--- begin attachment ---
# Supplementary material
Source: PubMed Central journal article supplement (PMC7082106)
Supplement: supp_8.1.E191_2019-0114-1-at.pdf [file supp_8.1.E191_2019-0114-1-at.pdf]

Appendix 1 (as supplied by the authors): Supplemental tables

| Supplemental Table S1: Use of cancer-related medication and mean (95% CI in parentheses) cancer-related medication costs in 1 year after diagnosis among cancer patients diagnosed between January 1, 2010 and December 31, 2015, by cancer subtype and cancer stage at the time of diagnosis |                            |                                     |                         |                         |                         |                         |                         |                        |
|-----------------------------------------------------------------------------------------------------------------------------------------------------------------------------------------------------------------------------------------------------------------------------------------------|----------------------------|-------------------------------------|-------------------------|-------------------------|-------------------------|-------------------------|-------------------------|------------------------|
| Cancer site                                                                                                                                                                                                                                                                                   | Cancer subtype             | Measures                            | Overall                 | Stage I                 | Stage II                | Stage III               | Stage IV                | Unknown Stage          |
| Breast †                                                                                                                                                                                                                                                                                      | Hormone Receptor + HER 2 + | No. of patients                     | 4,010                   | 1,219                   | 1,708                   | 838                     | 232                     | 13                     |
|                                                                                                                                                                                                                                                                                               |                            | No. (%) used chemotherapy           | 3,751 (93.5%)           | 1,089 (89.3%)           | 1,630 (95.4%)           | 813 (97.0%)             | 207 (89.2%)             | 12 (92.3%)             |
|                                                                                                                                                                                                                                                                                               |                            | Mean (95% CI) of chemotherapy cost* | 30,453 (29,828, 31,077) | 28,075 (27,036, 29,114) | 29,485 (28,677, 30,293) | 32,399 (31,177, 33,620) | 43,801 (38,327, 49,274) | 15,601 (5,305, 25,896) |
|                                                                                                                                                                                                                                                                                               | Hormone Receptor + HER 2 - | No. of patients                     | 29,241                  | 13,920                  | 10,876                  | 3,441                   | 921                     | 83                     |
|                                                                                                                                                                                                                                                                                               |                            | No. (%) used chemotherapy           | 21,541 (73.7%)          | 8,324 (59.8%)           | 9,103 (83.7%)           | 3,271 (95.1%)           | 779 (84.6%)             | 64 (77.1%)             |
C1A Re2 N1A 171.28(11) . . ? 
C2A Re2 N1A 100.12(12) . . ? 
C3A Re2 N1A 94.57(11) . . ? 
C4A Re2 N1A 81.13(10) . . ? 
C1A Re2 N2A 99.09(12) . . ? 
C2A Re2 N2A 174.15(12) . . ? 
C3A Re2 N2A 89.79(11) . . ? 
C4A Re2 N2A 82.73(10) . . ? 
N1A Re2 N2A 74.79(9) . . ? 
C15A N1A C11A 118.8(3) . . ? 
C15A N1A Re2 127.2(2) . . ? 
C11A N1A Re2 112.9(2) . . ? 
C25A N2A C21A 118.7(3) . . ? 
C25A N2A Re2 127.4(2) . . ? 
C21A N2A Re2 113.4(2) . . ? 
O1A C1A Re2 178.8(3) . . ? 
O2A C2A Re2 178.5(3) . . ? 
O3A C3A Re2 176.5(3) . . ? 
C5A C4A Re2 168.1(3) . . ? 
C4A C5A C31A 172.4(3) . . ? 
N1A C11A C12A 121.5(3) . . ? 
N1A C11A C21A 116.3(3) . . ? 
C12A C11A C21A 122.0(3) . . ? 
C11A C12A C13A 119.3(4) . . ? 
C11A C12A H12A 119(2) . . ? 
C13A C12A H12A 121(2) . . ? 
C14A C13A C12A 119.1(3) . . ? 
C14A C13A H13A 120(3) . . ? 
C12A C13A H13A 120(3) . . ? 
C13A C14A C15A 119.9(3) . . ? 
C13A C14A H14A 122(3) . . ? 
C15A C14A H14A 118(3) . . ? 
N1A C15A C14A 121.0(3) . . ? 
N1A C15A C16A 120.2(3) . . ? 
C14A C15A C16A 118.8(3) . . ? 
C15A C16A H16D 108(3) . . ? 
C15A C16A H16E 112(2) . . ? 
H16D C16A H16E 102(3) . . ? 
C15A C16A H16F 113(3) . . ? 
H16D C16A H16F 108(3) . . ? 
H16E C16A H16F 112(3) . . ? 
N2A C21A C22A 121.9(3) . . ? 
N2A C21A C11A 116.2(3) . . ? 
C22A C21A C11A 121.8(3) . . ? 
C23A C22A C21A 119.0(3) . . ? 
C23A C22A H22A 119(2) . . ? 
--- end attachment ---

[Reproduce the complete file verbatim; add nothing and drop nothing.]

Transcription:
# Supplementary material
Source: PubMed Central journal article supplement (PMC7082106)
Supplement: supp_8.1.E191_2019-0114-1-at.pdf [file supp_8.1.E191_2019-0114-1-at.pdf]

Appendix 1 (as supplied by the authors): Supplemental tables

| Supplemental Table S1: Use of cancer-related medication and mean (95% CI in parentheses) cancer-related medication costs in 1 year after diagnosis among cancer patients diagnosed between January 1, 2010 and December 31, 2015, by cancer subtype and cancer stage at the time of diagnosis |                            |                                     |                         |                         |                         |                         |                         |                        |
|-----------------------------------------------------------------------------------------------------------------------------------------------------------------------------------------------------------------------------------------------------------------------------------------------|----------------------------|-------------------------------------|-------------------------|-------------------------|-------------------------|-------------------------|-------------------------|------------------------|
| Cancer site                                                                                                                                                                                                                                                                                   | Cancer subtype             | Measures                            | Overall                 | Stage I                 | Stage II                | Stage III               | Stage IV                | Unknown Stage          |
| Breast †                                                                                                                                                                                                                                                                                      | Hormone Receptor + HER 2 + | No. of patients                     | 4,010                   | 1,219                   | 1,708                   | 838                     | 232                     | 13                     |
|                                                                                                                                                                                                                                                                                               |                            | No. (%) used chemotherapy           | 3,751 (93.5%)           | 1,089 (89.3%)           | 1,630 (95.4%)           | 813 (97.0%)             | 207 (89.2%)             | 12 (92.3%)             |
|                                                                                                                                                                                                                                                                                               |                            | Mean (95% CI) of chemotherapy cost* | 30,453 (29,828, 31,077) | 28,075 (27,036, 29,114) | 29,485 (28,677, 30,293) | 32,399 (31,177, 33,620) | 43,801 (38,327, 49,274) | 15,601 (5,305, 25,896) |
|                                                                                                                                                                                                                                                                                               | Hormone Receptor + HER 2 - | No. of patients                     | 29,241                  | 13,920                  | 10,876                  | 3,441                   | 921                     | 83                     |
|                                                                                                                                                                                                                                                                                               |                            | No. (%) used chemotherapy           | 21,541 (73.7%)          | 8,324 (59.8%)           | 9,103 (83.7%)           | 3,271 (95.1%)           | 779 (84.6%)             | 64 (77.1%)             |
C1A Re2 N1A 171.28(11) . . ? 
C2A Re2 N1A 100.12(12) . . ? 
C3A Re2 N1A 94.57(11) . . ? 
C4A Re2 N1A 81.13(10) . . ? 
C1A Re2 N2A 99.09(12) . . ? 
C2A Re2 N2A 174.15(12) . . ? 
C3A Re2 N2A 89.79(11) . . ? 
C4A Re2 N2A 82.73(10) . . ? 
N1A Re2 N2A 74.79(9) . . ? 
C15A N1A C11A 118.8(3) . . ? 
C15A N1A Re2 127.2(2) . . ? 
C11A N1A Re2 112.9(2) . . ? 
C25A N2A C21A 118.7(3) . . ? 
C25A N2A Re2 127.4(2) . . ? 
C21A N2A Re2 113.4(2) . . ? 
O1A C1A Re2 178.8(3) . . ? 
O2A C2A Re2 178.5(3) . . ? 
O3A C3A Re2 176.5(3) . . ? 
C5A C4A Re2 168.1(3) . . ? 
C4A C5A C31A 172.4(3) . . ? 
N1A C11A C12A 121.5(3) . . ? 
N1A C11A C21A 116.3(3) . . ? 
C12A C11A C21A 122.0(3) . . ? 
C11A C12A C13A 119.3(4) . . ? 
C11A C12A H12A 119(2) . . ? 
C13A C12A H12A 121(2) . . ? 
C14A C13A C12A 119.1(3) . . ? 
C14A C13A H13A 120(3) . . ? 
C12A C13A H13A 120(3) . . ? 
C13A C14A C15A 119.9(3) . . ? 
C13A C14A H14A 122(3) . . ? 
C15A C14A H14A 118(3) . . ? 
N1A C15A C14A 121.0(3) . . ? 
N1A C15A C16A 120.2(3) . . ? 
C14A C15A C16A 118.8(3) . . ? 
C15A C16A H16D 108(3) . . ? 
C15A C16A H16E 112(2) . . ? 
H16D C16A H16E 102(3) . . ? 
C15A C16A H16F 113(3) . . ? 
H16D C16A H16F 108(3) . . ? 
H16E C16A H16F 112(3) . . ? 
N2A C21A C22A 121.9(3) . . ? 
N2A C21A C11A 116.2(3) . . ? 
C22A C21A C11A 121.8(3) . . ? 
C23A C22A C21A 119.0(3) . . ? 
C23A C22A H22A 119(2) . . ? 